My close adoptive kin considered it their role and responsibility to look over me and look after me. This was surely, in large part, because ‘that’s just what (close) kin do.’ It was also, while never spoken, because my person and behavior very much reflected on my immediate close kin; I was “their Balanda” (European, white person’), as it was. My close kin were not just associated with me but were considered responsible for me in crucially important way – for my person, actions and behaviour. The proprietorial nature of inter-personal responsibility is acknowledged and considered to be the basis upon which any Yolŋu person (and by extension their family-group and bäpurru) adopts a non-Yolŋu person.
As part of their role and responsibility to look over me, and look after me, my close kin – and in particular, my sisters – felt it their role and responsibility to teach me how to behave like a young Gumatj woman – how to ‘be and behave like kin’ (‘gurrutu-mirri’). While I was certainly ‘bossed about’ a great deal I was also encouraged and instructed to learn in ways that I perhaps would not have been if not in the breast of a small, close kin group as I was.
As it happened, I was able to marry my role as the youngest little sister with my ethnographic interests in mutually rewarding and productive ways. For example, my wanting to know about things that were of importance to my close kin, to Gumatj and/or to Yolŋu in general, was something looked upon favourably, affectionately – and even with a touch of pride. Sometimes, even just using a new word or expression in conversation, or getting one wrong, was cause for a giggling uproar of affectionate approval. In this sense I was exceptionally fortunate. There was not a time I did not feel crowded or somehow frustrated. There was not a time I did not feel braced and comforted by the support, affection and encouragement of kin.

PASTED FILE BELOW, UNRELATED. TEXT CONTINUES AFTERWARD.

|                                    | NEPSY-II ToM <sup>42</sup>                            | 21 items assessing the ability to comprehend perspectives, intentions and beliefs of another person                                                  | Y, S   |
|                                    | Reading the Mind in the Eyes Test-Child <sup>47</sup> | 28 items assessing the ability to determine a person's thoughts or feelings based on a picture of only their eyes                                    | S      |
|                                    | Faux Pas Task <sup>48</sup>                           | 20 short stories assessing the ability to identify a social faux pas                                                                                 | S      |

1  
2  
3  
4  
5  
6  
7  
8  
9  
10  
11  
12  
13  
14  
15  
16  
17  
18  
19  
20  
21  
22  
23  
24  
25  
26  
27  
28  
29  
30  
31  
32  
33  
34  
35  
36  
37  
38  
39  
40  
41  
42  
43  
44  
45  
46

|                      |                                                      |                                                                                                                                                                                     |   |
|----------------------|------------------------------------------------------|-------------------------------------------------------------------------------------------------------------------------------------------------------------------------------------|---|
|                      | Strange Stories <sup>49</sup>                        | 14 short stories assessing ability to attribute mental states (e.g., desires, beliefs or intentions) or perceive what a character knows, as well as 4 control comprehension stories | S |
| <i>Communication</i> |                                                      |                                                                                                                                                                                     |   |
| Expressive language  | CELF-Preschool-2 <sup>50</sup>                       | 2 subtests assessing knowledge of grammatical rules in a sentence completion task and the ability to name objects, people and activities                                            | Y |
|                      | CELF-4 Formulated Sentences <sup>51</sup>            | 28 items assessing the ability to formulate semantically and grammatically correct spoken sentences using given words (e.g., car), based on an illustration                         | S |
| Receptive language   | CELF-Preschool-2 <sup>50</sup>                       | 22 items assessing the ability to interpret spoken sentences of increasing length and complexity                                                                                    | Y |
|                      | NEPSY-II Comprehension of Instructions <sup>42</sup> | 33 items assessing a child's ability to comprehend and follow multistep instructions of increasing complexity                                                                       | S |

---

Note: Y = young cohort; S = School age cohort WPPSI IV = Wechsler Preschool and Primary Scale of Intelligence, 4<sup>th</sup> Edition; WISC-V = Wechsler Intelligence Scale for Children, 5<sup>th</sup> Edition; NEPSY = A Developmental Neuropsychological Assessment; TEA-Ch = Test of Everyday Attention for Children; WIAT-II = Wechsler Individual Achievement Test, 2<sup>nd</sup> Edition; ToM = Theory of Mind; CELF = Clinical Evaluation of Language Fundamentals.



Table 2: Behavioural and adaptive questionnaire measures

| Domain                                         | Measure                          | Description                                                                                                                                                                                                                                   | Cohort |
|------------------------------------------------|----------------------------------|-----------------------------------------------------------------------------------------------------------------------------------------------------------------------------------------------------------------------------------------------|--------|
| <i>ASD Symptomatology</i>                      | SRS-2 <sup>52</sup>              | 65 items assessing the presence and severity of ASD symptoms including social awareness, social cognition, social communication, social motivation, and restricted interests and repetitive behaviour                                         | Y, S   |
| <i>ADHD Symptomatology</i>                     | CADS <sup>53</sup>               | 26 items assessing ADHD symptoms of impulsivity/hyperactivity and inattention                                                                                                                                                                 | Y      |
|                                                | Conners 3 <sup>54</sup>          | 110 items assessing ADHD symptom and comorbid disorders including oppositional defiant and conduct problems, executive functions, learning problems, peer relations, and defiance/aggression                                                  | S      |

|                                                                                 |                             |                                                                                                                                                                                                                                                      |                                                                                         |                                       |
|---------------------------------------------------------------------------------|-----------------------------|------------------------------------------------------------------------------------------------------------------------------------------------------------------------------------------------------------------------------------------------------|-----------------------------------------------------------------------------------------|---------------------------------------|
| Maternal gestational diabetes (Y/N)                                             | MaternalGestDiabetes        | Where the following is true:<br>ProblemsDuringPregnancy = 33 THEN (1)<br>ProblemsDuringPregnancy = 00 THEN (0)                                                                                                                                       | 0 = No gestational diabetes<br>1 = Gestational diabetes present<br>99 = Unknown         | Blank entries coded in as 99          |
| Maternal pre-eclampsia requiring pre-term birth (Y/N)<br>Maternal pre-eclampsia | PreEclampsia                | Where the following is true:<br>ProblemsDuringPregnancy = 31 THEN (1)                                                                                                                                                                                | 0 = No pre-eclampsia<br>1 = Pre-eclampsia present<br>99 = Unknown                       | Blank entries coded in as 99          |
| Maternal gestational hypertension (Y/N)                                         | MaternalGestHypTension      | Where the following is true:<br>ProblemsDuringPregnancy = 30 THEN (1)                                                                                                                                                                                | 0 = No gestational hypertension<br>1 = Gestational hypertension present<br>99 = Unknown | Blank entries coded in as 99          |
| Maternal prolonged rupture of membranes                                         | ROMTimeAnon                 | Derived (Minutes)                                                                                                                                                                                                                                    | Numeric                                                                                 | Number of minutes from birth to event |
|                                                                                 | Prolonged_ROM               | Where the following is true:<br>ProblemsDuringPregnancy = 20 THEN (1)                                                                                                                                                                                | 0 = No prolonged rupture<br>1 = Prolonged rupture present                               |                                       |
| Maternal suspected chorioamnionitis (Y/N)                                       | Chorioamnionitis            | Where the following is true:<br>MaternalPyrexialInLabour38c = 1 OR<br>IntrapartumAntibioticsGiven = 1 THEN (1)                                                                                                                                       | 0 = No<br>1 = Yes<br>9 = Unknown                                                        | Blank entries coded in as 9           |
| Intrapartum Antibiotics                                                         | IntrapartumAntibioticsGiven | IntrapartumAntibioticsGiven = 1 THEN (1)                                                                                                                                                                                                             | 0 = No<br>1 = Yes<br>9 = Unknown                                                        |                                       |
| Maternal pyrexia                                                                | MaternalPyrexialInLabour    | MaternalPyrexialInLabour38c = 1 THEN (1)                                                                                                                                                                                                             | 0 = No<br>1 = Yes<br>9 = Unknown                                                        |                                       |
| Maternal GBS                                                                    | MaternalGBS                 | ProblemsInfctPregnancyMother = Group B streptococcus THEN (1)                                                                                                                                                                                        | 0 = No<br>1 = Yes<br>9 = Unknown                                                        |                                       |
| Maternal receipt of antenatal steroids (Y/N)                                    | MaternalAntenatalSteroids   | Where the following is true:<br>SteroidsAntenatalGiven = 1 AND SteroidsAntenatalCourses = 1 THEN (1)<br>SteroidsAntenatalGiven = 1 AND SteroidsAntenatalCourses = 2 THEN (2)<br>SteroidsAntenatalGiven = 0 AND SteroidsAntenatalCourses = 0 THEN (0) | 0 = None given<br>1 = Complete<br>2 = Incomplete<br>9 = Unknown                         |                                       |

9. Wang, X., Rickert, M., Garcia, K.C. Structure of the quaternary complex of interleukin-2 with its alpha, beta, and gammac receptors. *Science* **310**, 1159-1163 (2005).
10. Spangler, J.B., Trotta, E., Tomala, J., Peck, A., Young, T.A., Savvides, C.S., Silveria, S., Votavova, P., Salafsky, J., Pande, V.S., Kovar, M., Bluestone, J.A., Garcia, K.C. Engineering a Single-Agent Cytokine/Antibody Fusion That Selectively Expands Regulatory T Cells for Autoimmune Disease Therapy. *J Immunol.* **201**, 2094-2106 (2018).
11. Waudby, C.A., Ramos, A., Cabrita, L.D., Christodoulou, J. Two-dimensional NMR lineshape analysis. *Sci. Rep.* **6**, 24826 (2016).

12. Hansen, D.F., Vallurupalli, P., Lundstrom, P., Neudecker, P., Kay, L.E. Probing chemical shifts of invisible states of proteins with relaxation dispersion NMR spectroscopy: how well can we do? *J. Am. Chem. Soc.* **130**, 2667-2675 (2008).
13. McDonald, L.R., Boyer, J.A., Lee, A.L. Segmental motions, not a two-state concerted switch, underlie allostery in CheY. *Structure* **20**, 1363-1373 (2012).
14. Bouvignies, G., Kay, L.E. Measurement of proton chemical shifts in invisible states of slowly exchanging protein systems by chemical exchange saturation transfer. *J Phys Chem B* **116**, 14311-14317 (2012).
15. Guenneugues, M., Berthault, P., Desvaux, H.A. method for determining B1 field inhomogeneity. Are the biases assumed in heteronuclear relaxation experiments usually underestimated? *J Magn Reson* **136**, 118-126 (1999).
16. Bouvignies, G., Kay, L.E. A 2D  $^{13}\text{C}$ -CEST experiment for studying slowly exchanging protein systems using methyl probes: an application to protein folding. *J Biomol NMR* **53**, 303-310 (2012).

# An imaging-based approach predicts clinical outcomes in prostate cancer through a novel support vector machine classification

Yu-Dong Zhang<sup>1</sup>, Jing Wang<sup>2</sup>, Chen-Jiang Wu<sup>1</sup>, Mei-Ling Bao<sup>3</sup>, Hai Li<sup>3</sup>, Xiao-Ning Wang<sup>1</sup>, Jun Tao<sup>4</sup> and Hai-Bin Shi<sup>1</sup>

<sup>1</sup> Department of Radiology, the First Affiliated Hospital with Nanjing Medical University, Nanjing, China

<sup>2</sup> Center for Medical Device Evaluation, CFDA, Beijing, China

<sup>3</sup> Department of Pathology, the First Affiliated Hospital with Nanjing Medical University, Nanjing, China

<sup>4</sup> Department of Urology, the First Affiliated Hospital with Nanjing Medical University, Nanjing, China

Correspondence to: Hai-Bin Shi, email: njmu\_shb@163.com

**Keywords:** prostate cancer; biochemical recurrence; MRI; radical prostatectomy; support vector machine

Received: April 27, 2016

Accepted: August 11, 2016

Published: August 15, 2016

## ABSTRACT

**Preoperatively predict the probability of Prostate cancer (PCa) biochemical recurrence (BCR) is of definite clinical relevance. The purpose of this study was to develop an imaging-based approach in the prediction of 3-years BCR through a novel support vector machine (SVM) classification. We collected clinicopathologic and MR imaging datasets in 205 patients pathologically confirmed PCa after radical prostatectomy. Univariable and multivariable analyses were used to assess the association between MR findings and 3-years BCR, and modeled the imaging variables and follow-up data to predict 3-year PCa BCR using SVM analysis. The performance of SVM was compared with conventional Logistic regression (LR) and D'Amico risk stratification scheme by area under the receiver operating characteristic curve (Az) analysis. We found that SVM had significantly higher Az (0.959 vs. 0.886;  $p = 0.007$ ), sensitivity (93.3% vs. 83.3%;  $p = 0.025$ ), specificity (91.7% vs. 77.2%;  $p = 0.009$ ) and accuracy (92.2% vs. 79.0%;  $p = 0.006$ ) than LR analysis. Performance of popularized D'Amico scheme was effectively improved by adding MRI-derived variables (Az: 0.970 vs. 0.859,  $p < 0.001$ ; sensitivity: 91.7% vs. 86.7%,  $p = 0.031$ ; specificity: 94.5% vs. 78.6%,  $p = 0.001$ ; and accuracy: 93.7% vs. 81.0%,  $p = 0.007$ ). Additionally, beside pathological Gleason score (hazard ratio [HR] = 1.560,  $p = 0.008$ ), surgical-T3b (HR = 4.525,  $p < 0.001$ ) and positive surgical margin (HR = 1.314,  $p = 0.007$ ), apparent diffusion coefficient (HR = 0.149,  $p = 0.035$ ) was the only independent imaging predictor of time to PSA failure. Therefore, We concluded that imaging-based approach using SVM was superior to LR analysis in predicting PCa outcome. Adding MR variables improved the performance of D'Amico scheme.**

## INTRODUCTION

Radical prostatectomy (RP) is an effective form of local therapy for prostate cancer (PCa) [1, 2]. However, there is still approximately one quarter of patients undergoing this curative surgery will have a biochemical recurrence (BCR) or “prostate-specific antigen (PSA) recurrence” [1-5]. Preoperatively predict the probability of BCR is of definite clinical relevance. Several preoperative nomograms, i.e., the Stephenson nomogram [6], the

In the first six months in Camp my focus was almost exclusively on acquiring basic language skills, on learning Gumatj. English is not spoken as a matter of course in everyday conversation and my speaking English was strongly discouraged (not least because it would have excluded everyone except Phyllis____, Doris ____, Don _____, and Johnny _____). During this initial phase I took notes at the end of each day, and noted who had come and gone and by what means – notes comprising my quantitative data on residence and mobility.
In the latter half of fieldwork, after the first nine-months or so, I had a sense that there were certain key things that I needed to clarify if I was going to consolidate my understanding about certain things that seemed central to the way people consider issues of morality and ‘what is important and valuable’ in sociality and social life more broadly. I felt as though I had to pull the threads together, as it were, to confirm hunches and clarify assumptions that had, until then remained tacit or implicit.
Over the course of the last six-to-eight months I began to make use of my digital voice recorder – recording unstructured discussions with people (only the closest of my adoptive kin) about many and various things. Sometimes I would ask for clarification about the meaning of a particular word and an associated discussion would ensue about many and varied things, other times I was a lot more focused and insistent about the line of enquiry and thus course of discussion. Excerpts from many of these conversations are included as transcripts in the chapters to follow.
[ . . . ]
In closing, I ask the reader to keep in mind the size and remote nature of the Homeland community that is Camp. While it is part of a network of communities it is, by any ethnographic measure, small and remote. This shapes and gives character to the body of knowledge that forms the basis for this thesis.